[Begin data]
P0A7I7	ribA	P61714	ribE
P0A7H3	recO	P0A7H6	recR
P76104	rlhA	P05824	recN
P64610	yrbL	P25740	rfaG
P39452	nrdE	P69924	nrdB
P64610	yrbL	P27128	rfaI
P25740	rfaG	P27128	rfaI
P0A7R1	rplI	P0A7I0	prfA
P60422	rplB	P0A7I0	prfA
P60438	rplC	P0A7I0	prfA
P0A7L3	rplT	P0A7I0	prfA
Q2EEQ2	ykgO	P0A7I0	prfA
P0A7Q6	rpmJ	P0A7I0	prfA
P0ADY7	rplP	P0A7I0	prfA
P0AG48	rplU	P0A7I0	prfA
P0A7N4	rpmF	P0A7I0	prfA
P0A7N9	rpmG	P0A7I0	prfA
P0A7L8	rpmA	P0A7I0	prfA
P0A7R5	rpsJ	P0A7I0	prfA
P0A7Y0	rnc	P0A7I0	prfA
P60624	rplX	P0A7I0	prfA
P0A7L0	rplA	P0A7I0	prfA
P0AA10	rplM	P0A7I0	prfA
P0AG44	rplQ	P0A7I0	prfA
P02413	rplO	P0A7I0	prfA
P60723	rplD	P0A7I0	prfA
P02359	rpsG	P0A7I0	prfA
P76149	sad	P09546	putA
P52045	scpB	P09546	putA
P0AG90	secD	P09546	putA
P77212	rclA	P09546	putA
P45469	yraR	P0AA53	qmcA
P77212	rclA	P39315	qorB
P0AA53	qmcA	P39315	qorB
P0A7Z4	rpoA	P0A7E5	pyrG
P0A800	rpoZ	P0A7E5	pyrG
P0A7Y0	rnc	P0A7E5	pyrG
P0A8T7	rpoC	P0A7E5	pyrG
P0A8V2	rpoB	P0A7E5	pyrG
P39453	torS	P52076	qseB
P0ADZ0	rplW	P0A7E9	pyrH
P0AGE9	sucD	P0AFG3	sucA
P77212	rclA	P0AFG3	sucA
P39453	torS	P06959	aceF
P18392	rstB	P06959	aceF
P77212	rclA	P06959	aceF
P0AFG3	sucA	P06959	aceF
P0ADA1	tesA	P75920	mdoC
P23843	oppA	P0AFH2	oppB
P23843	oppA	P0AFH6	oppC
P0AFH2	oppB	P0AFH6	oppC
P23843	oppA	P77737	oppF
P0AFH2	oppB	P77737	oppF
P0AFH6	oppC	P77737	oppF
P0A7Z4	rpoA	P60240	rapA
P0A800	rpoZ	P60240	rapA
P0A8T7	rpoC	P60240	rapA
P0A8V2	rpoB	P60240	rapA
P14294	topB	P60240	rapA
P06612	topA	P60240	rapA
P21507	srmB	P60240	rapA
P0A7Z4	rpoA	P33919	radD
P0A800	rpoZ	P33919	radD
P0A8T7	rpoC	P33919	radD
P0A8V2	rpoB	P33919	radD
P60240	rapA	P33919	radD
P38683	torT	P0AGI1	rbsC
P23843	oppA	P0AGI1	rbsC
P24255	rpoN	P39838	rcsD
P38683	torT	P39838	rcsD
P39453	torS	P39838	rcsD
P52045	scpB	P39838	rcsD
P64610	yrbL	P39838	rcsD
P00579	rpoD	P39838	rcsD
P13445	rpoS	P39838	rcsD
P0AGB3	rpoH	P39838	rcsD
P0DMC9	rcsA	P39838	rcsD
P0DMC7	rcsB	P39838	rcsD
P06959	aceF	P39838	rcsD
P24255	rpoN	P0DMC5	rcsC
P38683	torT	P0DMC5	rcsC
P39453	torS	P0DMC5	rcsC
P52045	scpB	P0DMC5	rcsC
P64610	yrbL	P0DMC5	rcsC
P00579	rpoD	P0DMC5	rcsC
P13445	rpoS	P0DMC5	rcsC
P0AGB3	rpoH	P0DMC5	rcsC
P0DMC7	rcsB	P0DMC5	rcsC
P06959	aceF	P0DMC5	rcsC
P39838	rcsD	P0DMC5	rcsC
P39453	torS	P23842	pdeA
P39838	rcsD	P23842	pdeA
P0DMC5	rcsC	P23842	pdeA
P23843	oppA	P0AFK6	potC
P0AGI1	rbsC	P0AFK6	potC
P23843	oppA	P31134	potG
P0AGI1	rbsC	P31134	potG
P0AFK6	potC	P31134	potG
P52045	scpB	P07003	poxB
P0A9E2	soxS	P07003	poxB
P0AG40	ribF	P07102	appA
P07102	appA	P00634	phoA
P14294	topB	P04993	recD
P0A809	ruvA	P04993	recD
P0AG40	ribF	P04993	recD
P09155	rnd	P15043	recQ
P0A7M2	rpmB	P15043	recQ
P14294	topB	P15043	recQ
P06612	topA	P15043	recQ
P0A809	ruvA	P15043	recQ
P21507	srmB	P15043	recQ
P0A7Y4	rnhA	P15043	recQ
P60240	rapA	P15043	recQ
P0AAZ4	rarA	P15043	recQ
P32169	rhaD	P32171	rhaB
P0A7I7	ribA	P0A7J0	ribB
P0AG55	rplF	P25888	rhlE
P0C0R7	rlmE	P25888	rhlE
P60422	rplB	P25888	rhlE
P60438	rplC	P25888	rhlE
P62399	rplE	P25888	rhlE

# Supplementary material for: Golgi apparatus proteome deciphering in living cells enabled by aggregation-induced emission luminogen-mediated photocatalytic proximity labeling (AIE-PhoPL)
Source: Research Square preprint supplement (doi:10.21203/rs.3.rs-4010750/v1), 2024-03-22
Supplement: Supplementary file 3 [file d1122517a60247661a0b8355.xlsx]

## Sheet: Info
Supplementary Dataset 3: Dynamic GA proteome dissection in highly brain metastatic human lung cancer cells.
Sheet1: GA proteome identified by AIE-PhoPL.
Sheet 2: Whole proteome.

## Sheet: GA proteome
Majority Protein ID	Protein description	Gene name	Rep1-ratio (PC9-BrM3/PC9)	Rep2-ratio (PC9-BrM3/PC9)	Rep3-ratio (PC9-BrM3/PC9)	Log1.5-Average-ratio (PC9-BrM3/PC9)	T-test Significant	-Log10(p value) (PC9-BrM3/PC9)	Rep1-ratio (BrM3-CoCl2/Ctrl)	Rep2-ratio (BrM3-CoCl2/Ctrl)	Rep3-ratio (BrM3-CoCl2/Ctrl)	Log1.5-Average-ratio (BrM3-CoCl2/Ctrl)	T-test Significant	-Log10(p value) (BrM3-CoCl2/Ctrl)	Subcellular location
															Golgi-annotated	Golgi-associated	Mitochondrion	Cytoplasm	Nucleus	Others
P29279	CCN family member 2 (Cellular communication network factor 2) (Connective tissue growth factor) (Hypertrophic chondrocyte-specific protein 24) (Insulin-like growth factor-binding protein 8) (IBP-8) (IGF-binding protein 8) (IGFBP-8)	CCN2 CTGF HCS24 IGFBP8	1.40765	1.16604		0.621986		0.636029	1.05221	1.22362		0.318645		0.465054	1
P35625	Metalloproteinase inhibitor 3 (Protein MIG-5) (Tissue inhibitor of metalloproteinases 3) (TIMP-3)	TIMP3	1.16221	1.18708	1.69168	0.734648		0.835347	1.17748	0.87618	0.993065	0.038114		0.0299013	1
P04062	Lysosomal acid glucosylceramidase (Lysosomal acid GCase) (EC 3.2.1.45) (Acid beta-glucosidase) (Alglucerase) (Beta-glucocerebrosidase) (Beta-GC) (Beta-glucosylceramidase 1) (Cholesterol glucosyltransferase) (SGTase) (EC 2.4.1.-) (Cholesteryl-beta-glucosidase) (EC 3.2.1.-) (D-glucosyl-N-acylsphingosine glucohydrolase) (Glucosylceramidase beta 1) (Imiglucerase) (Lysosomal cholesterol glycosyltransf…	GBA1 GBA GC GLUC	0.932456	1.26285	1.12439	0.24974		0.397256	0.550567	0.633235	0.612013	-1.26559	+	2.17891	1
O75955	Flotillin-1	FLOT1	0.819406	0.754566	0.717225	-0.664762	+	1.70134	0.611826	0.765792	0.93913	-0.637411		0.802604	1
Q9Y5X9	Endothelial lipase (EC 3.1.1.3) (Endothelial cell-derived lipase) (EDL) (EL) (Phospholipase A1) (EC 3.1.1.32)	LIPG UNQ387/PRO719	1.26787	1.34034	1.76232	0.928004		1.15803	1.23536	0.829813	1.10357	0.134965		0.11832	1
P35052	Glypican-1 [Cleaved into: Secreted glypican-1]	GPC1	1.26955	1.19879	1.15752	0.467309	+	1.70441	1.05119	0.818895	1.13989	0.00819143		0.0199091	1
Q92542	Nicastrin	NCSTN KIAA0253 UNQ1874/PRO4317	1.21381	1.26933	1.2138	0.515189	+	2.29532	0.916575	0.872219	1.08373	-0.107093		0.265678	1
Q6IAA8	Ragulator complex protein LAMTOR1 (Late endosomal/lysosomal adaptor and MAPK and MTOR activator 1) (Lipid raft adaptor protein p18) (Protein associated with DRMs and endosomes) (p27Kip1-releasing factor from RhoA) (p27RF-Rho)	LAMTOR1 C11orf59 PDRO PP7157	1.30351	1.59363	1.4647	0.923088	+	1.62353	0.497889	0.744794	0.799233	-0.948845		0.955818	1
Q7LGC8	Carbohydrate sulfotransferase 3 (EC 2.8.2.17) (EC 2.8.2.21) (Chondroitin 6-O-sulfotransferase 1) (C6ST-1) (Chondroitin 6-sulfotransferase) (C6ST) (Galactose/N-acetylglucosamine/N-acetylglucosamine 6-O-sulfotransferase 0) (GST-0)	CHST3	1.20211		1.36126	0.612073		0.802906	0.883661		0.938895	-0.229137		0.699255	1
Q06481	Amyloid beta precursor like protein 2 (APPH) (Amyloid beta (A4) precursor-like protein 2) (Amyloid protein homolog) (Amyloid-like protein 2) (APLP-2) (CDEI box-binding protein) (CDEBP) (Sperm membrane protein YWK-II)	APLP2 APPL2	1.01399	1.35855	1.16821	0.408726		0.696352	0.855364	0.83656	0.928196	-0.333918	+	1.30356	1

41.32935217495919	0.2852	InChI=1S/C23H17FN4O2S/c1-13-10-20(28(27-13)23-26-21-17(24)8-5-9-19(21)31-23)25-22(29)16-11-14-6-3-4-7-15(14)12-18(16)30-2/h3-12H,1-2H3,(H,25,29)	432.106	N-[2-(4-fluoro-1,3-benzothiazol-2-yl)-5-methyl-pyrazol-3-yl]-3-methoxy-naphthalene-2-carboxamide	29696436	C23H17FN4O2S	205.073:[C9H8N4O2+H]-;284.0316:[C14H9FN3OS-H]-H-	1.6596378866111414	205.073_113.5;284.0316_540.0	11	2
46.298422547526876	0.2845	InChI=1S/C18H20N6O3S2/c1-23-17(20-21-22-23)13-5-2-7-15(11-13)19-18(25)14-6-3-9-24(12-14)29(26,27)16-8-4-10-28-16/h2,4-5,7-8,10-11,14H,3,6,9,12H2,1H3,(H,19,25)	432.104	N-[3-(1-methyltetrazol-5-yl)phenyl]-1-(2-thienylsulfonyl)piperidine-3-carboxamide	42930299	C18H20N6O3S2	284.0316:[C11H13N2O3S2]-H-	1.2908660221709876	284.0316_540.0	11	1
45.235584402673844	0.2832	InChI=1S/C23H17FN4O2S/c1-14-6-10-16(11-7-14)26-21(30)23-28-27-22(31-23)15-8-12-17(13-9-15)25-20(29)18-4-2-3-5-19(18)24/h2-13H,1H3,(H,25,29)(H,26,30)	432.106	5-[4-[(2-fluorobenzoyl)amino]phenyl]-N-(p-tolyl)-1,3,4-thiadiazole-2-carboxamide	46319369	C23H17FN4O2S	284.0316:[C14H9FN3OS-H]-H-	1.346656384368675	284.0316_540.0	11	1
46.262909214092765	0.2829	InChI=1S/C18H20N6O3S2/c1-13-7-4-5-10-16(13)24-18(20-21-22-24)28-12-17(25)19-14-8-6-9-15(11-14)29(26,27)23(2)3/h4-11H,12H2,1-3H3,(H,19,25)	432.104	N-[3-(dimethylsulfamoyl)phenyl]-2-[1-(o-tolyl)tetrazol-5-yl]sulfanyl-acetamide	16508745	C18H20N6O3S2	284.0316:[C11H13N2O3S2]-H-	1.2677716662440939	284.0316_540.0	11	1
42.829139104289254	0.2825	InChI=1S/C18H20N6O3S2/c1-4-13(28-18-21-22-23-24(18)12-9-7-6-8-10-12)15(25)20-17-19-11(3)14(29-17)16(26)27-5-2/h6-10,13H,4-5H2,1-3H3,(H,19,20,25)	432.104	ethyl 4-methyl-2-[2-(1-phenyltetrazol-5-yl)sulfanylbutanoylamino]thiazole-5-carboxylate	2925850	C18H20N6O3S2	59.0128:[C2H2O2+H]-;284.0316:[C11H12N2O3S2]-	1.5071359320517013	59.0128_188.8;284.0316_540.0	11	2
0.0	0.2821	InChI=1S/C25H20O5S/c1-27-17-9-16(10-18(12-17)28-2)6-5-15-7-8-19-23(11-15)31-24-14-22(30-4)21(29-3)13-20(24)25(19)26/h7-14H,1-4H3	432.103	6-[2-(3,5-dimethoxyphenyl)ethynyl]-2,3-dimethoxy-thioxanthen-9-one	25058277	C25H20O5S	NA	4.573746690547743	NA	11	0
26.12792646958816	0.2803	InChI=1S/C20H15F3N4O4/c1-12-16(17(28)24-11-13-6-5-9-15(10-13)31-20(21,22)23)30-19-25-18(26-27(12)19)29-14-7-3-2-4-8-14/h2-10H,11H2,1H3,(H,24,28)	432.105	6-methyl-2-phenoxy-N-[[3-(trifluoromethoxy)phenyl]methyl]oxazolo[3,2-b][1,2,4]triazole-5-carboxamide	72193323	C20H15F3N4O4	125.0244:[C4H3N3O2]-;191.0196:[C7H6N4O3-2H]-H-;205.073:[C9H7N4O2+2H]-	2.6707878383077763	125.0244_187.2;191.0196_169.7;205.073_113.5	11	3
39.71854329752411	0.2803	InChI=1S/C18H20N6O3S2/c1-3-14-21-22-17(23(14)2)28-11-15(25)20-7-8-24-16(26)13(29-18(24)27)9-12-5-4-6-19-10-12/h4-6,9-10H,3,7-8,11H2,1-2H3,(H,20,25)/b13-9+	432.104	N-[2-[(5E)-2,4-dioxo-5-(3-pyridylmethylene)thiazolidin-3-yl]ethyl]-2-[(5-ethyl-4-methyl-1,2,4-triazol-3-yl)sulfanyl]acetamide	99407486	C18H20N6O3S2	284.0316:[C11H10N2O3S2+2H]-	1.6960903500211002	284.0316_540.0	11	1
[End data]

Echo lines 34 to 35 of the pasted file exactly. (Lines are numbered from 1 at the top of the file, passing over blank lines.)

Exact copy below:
P0AA53	qmcA	P39315	qorB
P0A7Z4	rpoA	P0A7E5	pyrG